4) The highest risk is more from the things that have just happened, like supernovae

To put this in context, there are several papers available on the theory that one of the major causes of extinction events on the earth is related to its orbital 'wobble', that is to say that the Sun travels up and down along the galaxy's orbital disc in its orbit around the galactic core, and that every time it passes through that disc something happens through the sheer proximity of other stars.

This is despite the fact that the relative location of the Sun in the orbit is very sparsely populated.

If you consider the implications of this, then the primary risk you face in space is being close to... well, pretty much anything.

In that regard, the better solution is protection rather than charting per se. Charting would require constant maintenance insofar as you have to track the threats in real time, not only in relation to their own wobbly orbits, but also in terms of their efficacy, decline, sudden emergence... That's a lot to track and you'd be lucky by the time you get all that in a real time navigational program if it let you cross to the other side of the bridge.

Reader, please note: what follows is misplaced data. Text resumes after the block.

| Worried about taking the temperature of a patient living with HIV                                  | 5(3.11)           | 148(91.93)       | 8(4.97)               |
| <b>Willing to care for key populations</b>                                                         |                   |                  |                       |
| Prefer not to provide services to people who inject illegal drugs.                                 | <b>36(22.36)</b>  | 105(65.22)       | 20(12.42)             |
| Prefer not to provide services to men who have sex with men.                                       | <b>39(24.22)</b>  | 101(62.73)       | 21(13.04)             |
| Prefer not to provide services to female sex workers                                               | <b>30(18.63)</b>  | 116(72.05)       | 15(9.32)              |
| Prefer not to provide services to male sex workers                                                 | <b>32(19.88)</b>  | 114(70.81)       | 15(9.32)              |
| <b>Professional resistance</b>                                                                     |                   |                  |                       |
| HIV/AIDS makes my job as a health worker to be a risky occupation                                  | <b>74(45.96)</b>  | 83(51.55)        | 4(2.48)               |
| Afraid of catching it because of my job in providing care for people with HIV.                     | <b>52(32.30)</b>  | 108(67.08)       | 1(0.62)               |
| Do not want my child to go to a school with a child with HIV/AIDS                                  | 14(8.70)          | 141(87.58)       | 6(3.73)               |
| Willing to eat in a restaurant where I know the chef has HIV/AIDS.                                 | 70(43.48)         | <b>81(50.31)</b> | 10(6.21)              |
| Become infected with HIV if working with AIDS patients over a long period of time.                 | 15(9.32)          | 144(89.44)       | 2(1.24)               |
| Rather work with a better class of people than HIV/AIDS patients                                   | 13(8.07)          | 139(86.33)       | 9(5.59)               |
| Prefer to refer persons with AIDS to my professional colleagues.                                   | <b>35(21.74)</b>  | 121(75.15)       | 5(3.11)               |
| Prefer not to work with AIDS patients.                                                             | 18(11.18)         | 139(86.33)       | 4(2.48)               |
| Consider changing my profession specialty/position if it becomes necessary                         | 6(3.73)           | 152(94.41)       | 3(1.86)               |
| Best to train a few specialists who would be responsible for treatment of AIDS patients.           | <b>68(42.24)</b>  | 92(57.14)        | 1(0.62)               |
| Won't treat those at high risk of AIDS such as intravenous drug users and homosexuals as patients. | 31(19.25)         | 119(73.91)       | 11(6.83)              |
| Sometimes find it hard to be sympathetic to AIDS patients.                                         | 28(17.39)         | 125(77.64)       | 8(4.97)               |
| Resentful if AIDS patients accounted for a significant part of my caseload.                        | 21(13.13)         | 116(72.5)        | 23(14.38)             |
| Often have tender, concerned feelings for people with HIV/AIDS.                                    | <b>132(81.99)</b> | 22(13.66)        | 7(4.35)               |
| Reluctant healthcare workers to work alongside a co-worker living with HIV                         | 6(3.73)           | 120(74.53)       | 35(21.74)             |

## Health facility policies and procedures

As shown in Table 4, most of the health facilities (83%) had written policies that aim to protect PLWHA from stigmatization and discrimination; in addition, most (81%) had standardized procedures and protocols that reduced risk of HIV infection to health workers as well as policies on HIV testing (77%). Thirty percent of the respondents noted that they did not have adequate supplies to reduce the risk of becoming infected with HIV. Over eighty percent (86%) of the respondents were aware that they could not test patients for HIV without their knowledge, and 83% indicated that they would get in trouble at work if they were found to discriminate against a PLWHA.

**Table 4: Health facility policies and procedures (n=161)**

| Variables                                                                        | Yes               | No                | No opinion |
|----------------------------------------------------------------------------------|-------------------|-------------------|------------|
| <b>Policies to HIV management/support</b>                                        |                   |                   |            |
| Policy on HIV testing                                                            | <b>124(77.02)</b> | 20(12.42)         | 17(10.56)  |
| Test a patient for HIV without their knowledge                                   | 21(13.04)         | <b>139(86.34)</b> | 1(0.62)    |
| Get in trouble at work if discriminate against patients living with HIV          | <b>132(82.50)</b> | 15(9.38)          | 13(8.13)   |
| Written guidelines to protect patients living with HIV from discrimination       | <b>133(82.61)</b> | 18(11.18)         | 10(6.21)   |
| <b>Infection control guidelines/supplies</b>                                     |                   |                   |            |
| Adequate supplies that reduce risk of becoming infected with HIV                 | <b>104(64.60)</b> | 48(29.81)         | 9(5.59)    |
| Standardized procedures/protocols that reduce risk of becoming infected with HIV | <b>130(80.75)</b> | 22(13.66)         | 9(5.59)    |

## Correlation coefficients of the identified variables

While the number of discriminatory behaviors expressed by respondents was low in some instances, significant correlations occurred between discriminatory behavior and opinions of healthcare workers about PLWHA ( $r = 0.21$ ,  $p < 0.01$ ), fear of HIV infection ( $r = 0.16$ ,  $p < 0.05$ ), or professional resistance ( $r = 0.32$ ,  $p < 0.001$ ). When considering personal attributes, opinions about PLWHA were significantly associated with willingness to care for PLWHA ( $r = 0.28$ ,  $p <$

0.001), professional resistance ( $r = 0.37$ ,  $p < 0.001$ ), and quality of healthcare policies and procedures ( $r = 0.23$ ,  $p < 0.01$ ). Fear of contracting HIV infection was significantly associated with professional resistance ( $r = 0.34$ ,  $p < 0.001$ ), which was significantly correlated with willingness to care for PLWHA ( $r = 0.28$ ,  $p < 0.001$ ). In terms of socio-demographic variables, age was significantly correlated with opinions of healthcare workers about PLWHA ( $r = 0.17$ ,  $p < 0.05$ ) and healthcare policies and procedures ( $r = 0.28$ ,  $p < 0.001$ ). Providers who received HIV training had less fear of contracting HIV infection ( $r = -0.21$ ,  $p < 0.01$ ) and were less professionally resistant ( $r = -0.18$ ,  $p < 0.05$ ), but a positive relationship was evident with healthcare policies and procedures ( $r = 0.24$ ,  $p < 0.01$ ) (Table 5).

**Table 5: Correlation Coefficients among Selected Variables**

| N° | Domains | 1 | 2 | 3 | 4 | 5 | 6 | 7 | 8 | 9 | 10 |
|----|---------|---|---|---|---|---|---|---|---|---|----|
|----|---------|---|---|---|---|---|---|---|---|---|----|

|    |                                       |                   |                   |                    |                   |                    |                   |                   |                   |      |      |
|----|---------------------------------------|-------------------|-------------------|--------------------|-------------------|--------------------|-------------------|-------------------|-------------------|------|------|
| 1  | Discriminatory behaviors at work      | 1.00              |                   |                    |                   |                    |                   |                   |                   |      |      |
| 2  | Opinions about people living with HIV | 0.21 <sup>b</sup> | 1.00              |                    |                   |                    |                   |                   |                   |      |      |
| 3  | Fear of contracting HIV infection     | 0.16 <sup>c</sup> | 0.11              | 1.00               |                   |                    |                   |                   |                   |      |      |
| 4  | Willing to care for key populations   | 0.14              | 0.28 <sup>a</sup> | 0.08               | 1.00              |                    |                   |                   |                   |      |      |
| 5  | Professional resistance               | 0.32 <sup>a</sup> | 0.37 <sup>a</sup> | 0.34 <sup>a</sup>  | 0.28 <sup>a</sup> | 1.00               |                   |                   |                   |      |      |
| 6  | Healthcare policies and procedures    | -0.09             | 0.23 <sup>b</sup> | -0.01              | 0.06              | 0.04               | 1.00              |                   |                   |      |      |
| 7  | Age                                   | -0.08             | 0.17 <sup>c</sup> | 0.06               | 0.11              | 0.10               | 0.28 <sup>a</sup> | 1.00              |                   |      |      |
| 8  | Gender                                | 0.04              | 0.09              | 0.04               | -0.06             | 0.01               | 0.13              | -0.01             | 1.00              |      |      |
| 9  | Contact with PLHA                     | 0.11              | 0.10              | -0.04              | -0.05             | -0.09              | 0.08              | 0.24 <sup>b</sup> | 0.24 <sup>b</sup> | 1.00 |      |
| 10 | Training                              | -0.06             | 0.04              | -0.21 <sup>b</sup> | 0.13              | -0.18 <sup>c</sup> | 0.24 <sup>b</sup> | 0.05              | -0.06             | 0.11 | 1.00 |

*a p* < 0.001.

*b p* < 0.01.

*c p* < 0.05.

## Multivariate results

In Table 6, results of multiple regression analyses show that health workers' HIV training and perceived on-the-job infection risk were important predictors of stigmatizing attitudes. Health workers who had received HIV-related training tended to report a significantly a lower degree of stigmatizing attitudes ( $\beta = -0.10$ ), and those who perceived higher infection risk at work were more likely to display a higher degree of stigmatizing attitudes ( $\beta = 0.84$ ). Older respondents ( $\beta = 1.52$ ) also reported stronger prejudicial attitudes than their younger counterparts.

So; how does one deal with the nature of space storms and debris? One of the best solutions I ever read came from Arthur C Clarke (who else?) in his book Songs of a Distant Earth in which he designed a sublight space ship that had hundreds of metres of ice on the front end as a kinetic shield for dust debris and the like.